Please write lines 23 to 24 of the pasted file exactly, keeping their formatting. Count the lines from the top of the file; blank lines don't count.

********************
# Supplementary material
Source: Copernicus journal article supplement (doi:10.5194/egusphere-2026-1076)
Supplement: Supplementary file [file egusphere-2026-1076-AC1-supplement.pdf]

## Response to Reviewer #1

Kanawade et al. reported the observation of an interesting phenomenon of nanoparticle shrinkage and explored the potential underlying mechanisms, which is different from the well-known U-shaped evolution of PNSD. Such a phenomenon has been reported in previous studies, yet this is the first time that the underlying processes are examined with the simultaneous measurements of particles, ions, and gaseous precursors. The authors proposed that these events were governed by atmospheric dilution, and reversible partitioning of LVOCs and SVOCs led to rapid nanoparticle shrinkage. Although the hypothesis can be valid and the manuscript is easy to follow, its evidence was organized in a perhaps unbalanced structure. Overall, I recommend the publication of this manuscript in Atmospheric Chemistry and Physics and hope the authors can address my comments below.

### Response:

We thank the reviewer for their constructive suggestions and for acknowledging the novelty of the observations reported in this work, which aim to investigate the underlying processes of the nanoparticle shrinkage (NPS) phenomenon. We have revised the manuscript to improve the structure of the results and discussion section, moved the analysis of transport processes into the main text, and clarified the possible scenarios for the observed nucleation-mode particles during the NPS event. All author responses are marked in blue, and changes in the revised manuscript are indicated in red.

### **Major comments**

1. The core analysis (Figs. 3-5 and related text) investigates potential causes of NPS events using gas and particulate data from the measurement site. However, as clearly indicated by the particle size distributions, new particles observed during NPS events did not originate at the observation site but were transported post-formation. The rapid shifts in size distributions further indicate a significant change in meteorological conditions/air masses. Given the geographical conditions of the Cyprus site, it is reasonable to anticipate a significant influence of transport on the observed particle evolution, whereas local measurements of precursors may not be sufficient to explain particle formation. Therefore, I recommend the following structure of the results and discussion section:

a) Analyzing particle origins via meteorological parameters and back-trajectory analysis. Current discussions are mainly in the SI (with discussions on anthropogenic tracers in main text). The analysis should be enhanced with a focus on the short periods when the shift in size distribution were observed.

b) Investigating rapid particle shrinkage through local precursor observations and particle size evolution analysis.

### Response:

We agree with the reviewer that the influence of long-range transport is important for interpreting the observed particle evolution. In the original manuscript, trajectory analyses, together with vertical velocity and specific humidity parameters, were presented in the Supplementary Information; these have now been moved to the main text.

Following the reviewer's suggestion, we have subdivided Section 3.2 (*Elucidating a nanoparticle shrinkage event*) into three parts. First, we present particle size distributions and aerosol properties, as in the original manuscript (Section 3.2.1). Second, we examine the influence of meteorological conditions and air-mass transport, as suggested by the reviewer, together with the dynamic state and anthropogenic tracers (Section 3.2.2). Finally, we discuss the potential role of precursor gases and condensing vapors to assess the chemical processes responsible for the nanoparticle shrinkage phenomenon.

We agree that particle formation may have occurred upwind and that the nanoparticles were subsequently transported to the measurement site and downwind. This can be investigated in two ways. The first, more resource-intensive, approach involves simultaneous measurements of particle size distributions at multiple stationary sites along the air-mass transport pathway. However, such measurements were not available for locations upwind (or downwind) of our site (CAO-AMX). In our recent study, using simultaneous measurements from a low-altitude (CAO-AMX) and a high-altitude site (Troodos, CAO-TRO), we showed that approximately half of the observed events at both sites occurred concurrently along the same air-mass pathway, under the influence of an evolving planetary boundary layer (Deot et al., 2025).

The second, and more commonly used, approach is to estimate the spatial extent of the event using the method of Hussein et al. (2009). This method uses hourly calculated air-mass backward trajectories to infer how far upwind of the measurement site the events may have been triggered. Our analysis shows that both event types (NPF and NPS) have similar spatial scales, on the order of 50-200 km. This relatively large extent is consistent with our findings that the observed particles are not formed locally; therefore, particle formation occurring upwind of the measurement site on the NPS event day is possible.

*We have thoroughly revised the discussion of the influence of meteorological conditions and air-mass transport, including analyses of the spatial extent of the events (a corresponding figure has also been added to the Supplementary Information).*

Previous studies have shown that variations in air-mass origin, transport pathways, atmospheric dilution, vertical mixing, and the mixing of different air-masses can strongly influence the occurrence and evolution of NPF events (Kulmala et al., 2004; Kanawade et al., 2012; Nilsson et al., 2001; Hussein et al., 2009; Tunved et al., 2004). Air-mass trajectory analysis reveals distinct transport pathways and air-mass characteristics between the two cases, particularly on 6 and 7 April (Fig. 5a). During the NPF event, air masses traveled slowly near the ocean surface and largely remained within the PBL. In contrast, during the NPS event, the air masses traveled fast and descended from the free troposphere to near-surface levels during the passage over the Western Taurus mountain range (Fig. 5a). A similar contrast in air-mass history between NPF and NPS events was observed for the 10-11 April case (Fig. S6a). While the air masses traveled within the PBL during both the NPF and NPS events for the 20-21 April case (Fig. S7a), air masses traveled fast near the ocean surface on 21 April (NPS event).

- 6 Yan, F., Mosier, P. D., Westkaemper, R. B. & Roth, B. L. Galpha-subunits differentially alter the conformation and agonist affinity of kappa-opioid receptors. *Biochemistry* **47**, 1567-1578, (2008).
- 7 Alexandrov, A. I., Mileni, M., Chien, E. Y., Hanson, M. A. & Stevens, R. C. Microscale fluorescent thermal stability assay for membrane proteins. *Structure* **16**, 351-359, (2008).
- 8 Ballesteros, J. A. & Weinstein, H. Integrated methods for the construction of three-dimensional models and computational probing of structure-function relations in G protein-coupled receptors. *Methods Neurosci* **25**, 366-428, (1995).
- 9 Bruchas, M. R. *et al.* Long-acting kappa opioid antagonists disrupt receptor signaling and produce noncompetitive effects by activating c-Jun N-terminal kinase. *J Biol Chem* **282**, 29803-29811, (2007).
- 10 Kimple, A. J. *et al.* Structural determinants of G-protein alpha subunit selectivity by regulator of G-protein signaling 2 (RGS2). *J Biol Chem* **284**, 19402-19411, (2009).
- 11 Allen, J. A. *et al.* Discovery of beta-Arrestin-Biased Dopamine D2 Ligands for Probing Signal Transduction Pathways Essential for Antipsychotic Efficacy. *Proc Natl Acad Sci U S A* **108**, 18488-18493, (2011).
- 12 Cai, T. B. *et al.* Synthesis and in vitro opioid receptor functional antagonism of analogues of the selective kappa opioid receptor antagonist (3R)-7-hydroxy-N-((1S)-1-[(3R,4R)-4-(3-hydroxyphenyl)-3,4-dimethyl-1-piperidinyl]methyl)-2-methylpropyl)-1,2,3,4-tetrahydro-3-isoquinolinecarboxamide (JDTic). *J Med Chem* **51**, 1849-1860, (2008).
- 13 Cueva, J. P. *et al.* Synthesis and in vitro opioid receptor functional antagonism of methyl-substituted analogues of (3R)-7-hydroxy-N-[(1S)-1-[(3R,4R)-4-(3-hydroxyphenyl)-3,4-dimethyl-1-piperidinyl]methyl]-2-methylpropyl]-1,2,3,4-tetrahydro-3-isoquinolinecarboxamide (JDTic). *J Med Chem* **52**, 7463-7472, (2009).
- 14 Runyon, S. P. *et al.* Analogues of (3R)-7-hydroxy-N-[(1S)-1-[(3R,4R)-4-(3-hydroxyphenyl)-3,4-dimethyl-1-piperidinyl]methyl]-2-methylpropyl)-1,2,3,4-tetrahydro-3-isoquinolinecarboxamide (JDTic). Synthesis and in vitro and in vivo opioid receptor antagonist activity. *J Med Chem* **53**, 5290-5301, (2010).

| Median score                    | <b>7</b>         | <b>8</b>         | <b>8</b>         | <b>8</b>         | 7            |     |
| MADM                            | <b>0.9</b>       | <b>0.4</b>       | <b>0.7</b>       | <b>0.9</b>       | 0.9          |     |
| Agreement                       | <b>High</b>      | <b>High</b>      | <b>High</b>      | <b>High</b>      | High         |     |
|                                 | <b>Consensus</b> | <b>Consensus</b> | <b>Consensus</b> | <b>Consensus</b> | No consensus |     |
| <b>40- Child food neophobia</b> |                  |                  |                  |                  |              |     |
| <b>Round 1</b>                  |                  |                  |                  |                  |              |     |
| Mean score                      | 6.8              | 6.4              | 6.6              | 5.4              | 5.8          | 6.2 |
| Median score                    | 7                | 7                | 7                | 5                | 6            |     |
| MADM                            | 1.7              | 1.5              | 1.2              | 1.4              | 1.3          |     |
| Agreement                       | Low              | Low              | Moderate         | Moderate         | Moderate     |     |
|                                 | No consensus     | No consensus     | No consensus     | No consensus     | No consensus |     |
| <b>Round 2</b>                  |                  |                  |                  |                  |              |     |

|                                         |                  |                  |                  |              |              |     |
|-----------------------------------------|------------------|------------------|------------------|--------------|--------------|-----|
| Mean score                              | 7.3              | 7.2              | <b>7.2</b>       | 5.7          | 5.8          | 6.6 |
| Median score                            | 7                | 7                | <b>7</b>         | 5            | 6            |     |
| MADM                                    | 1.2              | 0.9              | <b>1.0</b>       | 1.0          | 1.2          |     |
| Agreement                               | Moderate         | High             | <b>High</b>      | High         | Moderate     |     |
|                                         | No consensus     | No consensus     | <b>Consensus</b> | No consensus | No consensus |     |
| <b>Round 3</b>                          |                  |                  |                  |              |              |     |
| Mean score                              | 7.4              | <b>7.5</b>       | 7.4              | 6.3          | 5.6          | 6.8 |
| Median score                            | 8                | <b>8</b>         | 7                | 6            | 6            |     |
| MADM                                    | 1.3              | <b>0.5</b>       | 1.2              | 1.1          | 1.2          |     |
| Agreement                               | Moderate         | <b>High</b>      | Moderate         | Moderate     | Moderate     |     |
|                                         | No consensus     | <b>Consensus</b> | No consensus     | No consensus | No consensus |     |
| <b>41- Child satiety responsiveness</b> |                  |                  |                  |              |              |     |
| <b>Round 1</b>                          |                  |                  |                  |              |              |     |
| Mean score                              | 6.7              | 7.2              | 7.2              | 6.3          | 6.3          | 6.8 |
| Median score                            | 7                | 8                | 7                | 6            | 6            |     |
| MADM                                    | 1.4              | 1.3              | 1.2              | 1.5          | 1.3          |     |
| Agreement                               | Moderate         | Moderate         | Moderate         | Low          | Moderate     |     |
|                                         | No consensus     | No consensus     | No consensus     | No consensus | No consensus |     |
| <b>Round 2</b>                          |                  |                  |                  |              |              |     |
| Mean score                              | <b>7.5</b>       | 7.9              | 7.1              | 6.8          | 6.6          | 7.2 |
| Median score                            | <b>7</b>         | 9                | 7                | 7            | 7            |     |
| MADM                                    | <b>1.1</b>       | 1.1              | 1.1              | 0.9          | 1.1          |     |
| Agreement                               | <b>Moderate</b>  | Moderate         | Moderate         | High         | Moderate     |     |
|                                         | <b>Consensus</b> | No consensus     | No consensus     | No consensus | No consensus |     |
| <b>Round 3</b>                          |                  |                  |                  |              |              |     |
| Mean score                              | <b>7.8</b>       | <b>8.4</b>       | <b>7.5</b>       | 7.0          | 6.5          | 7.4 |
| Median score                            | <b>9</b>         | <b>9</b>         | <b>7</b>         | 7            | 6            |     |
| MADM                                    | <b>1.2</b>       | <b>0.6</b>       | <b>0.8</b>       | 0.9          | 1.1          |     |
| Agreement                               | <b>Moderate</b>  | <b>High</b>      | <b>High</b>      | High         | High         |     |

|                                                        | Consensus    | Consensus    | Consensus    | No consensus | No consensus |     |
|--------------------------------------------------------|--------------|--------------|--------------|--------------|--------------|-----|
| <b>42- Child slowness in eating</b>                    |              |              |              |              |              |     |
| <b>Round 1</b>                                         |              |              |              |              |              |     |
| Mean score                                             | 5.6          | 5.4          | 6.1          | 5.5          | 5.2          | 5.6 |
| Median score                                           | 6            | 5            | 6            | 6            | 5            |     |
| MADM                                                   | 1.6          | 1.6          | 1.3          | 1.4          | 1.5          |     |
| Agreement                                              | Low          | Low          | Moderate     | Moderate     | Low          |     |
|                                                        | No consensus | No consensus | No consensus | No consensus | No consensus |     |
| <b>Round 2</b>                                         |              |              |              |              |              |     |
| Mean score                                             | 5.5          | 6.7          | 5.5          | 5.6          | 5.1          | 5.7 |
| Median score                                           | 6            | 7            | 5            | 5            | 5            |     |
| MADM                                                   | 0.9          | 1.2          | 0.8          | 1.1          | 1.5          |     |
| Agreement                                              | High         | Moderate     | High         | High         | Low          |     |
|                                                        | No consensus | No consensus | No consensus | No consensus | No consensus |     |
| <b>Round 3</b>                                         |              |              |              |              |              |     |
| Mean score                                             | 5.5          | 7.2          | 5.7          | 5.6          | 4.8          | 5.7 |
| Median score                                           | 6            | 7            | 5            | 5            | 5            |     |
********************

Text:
- 10 Kimple, A. J. *et al.* Structural determinants of G-protein alpha subunit selectivity by regulator of G-protein signaling 2 (RGS2). *J Biol Chem* **284**, 19402-19411, (2009).
- 11 Allen, J. A. *et al.* Discovery of beta-Arrestin-Biased Dopamine D2 Ligands for Probing Signal Transduction Pathways Essential for Antipsychotic Efficacy. *Proc Natl Acad Sci U S A* **108**, 18488-18493, (2011).